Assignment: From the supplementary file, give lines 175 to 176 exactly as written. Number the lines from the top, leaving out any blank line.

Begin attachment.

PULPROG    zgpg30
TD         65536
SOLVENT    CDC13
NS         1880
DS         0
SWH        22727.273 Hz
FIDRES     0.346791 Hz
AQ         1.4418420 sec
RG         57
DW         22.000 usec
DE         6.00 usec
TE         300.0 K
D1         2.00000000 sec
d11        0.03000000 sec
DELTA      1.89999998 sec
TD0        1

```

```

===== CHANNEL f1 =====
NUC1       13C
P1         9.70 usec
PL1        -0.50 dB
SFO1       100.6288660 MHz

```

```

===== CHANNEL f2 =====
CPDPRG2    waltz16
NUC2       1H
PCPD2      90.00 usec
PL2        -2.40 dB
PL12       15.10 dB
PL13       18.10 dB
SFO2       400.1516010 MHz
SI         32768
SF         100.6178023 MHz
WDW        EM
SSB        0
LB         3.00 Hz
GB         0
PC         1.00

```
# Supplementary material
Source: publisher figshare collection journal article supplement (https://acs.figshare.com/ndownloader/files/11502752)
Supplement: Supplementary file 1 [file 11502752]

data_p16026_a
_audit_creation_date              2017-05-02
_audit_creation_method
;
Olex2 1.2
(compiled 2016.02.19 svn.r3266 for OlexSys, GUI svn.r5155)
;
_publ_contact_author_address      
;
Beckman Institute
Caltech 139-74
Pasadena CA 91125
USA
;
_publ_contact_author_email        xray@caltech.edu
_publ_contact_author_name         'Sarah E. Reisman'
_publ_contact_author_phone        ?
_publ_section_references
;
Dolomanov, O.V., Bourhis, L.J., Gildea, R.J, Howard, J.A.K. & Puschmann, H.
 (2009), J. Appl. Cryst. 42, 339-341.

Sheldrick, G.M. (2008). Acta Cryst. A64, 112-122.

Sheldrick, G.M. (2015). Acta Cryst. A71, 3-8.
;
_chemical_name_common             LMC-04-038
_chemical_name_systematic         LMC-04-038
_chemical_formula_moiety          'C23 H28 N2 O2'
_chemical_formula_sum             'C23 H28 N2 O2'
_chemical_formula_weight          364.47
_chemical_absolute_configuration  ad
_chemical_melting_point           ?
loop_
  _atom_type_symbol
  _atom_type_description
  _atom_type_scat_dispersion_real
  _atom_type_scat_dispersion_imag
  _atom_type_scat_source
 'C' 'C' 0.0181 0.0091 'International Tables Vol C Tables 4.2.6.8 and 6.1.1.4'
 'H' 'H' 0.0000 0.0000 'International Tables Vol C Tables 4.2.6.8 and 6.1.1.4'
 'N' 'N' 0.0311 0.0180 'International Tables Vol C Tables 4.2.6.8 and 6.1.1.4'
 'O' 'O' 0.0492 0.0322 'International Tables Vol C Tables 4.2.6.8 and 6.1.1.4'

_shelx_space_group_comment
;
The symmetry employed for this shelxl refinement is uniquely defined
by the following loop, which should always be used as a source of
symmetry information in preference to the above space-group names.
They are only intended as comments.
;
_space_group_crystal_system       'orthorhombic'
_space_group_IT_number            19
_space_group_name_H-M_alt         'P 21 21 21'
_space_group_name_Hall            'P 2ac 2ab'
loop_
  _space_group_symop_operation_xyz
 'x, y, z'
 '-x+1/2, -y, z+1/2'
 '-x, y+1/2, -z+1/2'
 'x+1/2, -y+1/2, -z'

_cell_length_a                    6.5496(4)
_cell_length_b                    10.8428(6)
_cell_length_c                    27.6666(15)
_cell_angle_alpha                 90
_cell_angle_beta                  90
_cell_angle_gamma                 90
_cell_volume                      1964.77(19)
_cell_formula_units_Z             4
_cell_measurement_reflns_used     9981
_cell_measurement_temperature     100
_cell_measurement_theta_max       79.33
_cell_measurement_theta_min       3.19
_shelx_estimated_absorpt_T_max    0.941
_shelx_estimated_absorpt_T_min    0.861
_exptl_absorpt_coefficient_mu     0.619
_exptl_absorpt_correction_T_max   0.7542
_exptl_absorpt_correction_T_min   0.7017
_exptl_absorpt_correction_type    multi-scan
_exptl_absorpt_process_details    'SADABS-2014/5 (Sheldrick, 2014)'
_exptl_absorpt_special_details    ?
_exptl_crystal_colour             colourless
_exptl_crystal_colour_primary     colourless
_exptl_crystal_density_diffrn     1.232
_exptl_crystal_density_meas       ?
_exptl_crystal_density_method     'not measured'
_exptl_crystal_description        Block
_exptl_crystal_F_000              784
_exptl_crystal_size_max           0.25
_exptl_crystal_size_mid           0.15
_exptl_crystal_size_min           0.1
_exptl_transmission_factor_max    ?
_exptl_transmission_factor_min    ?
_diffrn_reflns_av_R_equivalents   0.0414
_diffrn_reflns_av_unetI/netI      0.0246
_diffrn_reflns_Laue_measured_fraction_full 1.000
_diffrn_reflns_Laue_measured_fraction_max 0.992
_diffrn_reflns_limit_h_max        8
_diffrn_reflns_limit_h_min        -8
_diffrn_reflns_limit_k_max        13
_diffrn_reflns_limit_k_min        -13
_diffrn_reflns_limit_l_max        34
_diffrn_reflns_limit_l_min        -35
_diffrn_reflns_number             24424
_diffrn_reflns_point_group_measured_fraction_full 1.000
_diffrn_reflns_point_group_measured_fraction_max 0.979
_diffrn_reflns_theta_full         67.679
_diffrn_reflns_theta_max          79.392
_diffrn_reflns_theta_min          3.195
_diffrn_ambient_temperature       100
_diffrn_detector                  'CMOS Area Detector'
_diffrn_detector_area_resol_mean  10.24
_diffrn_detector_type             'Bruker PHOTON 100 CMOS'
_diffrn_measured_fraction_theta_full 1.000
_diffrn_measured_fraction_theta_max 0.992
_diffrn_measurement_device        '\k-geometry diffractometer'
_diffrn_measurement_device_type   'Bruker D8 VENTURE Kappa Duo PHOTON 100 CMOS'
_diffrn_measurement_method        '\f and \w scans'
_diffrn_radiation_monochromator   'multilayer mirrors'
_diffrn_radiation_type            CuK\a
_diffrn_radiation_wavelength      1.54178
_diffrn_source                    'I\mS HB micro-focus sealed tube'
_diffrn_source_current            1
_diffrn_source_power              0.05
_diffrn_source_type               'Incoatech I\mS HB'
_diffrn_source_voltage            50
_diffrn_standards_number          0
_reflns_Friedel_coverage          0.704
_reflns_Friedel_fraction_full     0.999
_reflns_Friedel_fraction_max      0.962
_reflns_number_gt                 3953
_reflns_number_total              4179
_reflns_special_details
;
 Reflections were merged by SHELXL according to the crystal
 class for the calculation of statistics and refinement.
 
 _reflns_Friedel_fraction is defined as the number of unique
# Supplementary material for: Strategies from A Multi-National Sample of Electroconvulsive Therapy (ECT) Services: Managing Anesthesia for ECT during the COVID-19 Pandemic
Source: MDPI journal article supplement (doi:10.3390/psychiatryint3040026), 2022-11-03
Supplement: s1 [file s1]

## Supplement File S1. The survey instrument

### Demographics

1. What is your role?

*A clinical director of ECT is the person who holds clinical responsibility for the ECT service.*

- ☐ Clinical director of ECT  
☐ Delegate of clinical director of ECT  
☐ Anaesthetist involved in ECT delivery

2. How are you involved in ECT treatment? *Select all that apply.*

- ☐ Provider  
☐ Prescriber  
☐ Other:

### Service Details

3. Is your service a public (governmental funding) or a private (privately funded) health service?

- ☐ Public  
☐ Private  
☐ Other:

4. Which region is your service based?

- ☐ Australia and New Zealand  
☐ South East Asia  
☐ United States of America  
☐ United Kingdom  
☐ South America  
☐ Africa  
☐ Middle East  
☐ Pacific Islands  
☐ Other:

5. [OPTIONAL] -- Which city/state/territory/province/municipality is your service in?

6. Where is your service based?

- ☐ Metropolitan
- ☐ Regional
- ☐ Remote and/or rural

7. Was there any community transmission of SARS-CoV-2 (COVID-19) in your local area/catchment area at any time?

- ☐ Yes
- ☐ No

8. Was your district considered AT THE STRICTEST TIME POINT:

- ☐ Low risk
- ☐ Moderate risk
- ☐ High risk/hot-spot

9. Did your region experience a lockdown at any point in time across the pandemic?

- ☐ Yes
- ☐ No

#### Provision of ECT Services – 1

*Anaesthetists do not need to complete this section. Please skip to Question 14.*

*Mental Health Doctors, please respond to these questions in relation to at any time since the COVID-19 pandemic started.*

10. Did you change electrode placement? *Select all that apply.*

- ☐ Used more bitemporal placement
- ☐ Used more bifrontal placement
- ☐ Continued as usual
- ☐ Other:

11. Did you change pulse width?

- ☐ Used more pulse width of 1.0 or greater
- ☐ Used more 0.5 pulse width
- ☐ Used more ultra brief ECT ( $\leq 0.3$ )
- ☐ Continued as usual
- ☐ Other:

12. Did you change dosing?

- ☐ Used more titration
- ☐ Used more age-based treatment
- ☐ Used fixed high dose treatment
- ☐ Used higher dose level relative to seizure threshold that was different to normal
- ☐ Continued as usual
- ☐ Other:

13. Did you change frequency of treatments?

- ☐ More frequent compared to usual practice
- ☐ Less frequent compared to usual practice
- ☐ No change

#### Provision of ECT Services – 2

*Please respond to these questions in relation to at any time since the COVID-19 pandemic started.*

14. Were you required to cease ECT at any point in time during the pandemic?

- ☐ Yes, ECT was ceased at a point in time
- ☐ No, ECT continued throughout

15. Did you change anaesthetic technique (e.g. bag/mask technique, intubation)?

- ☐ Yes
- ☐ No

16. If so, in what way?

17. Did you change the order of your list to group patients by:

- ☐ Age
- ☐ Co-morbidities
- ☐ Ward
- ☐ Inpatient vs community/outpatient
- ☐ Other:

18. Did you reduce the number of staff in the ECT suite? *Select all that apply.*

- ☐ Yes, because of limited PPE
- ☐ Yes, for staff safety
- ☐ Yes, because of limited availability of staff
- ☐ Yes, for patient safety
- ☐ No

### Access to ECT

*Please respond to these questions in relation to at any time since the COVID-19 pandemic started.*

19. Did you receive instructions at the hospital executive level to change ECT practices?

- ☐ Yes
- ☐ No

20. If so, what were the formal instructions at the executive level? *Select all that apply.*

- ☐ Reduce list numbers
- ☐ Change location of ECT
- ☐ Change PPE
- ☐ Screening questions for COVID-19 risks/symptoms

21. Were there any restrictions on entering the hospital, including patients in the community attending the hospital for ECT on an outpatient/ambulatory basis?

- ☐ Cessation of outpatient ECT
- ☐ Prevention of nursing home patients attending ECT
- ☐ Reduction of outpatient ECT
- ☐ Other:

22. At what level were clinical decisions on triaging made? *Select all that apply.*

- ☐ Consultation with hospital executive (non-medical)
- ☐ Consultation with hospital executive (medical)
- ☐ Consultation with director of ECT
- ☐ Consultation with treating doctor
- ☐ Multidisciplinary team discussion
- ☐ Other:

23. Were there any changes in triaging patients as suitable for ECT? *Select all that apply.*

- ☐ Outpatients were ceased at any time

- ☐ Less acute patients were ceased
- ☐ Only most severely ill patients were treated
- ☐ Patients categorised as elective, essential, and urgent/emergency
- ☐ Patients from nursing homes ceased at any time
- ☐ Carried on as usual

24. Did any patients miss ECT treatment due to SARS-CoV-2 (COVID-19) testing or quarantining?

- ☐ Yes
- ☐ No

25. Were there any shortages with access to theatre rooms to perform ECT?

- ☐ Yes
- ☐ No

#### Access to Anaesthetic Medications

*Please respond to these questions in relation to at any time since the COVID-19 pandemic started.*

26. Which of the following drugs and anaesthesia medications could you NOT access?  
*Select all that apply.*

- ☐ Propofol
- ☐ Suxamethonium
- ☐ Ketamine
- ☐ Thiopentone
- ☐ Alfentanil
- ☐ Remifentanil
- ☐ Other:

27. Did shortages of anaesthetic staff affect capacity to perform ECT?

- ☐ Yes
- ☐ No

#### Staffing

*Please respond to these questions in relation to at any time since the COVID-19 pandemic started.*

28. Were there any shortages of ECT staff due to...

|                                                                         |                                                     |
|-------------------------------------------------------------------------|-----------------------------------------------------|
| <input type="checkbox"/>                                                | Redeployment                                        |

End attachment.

;
 Reflections were merged by SHELXL according to the crystal